Alcohol addiction is ruining older lives, too.
Problem drinking among older people is on the increase, with an estimated 20%-25% of over-65s drinking at unsafe levels, according to research published last week by the institute of psychiatry, psychology and neuroscience at King’s College London. Moreover, prosecutions for drink-driving of adults over 65 have increased by a sobering 40% in the last 10 years.
I know something of the devastation alcohol addiction can bring from experience within my own family. My much loved aunt struggled with severe alcoholism for 20 years, before falling while drunk in her early 60s and suffering a brain haemorrhage, which led her to develop dementia.
Her husband, my beloved Uncle Pad, cared for her devotedly in extremely difficult circumstances, until it became impossible for him to continue and my aunt went to live in a home. Tragically, by this point my uncle, now in his 70s, had developed an alcohol addiction of his own. He died, as a consequence of his drinking, on Christmas day 2010. His daughter, my cousin Leala, found him dead in the bath with the taps still running.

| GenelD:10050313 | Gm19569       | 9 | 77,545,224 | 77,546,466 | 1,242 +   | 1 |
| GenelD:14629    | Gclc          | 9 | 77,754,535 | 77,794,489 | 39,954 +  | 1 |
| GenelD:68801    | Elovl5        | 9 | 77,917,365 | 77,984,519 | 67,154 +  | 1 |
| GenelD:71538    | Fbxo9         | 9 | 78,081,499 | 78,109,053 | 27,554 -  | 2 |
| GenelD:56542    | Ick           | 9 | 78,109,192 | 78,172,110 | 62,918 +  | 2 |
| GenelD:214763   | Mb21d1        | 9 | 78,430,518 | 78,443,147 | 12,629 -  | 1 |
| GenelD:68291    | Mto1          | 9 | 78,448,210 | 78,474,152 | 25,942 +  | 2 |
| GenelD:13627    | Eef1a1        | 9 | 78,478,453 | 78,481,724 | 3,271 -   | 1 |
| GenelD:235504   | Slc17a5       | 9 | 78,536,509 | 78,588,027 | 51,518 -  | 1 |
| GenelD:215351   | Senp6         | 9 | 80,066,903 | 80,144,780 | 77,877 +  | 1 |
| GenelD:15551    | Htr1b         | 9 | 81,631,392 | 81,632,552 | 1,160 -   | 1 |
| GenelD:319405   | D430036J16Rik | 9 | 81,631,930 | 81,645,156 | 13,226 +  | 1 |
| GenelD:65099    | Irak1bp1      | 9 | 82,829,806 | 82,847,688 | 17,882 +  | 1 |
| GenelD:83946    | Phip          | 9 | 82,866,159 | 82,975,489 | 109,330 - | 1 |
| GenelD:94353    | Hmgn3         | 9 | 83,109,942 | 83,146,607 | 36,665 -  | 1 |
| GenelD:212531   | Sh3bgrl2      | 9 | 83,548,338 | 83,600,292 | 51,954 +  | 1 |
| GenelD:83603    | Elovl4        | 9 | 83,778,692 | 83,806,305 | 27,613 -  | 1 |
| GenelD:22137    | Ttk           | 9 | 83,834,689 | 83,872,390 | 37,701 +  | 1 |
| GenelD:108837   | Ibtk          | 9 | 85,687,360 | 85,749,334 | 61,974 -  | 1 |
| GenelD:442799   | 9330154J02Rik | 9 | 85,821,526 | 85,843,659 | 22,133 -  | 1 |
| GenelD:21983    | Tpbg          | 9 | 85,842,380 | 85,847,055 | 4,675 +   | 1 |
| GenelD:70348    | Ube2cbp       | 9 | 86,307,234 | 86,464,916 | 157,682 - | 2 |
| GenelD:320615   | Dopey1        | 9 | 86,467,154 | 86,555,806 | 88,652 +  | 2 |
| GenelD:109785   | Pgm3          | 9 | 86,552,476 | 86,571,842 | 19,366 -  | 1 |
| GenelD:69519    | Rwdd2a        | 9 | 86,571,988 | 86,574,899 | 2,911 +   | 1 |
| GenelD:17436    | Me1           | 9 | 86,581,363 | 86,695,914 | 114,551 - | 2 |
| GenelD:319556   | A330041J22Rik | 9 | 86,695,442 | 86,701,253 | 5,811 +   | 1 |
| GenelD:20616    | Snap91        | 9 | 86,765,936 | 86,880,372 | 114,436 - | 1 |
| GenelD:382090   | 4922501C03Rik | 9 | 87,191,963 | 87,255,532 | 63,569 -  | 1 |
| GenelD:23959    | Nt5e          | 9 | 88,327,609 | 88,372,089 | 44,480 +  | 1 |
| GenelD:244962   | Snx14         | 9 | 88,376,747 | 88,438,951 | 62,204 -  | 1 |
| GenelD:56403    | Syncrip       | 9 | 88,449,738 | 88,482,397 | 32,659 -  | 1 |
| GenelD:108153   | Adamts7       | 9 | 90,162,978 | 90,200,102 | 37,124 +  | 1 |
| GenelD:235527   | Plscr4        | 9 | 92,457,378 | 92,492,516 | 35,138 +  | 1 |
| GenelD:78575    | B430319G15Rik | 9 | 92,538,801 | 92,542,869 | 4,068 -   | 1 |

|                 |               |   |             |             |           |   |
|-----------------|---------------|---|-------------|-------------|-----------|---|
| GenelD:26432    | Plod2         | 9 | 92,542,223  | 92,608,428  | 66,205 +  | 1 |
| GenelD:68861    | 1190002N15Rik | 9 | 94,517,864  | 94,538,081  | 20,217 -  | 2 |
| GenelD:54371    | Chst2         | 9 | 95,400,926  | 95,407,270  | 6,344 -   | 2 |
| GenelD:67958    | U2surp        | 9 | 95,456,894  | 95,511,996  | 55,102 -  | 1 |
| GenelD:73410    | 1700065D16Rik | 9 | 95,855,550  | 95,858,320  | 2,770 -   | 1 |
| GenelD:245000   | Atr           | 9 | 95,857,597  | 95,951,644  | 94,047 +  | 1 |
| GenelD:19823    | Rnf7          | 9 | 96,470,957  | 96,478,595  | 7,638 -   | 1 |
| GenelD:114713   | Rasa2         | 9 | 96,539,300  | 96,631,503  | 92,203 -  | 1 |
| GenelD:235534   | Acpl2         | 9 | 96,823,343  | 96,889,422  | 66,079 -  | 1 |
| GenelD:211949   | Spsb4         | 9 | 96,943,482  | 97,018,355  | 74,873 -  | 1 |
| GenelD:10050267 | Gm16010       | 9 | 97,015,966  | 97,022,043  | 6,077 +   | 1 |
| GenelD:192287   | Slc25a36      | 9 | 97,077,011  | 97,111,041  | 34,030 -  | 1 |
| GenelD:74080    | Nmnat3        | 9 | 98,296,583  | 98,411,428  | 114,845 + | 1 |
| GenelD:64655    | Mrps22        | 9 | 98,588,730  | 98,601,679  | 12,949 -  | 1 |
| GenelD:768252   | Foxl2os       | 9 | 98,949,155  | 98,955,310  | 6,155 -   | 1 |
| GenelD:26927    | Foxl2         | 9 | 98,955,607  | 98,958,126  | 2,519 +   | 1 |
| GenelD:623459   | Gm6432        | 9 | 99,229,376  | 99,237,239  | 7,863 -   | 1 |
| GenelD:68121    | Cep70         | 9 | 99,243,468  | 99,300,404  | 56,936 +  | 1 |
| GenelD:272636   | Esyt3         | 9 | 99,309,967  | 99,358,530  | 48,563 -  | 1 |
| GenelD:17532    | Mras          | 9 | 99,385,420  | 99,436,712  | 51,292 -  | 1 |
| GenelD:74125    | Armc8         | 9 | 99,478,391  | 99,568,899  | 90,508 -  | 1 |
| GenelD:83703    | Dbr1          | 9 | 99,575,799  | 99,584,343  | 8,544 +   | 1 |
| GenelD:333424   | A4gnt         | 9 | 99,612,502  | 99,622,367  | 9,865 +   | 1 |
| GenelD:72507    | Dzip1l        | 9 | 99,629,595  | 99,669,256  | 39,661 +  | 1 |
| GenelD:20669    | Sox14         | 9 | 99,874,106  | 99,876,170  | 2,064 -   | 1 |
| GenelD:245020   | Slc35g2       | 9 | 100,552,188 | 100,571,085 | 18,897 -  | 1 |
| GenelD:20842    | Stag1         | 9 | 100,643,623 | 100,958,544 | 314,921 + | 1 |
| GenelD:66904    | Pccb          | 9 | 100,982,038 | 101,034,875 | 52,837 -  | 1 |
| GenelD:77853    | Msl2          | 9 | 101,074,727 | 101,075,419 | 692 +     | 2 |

We need to address drinking problems in older age
Now Leala, a political journalist, has made a programme for BBC Radio 4 in which she seeks to understand what happened to her father and why, despite his background as a doctor and his long experience of witnessing his wife’s alcoholism, Pad was unable to prevent himself falling prey to the same addiction. In searching for answers, Leala talks to friends and family, as well as to people struggling with similar problems, campaigners and medical experts. It’s a hugely courageous and important exploration of an addiction so heavily stigmatised that many of those affected go to understandable lengths to keep it hidden, a situation that only serves to perpetuate the problem.
Read the full article here.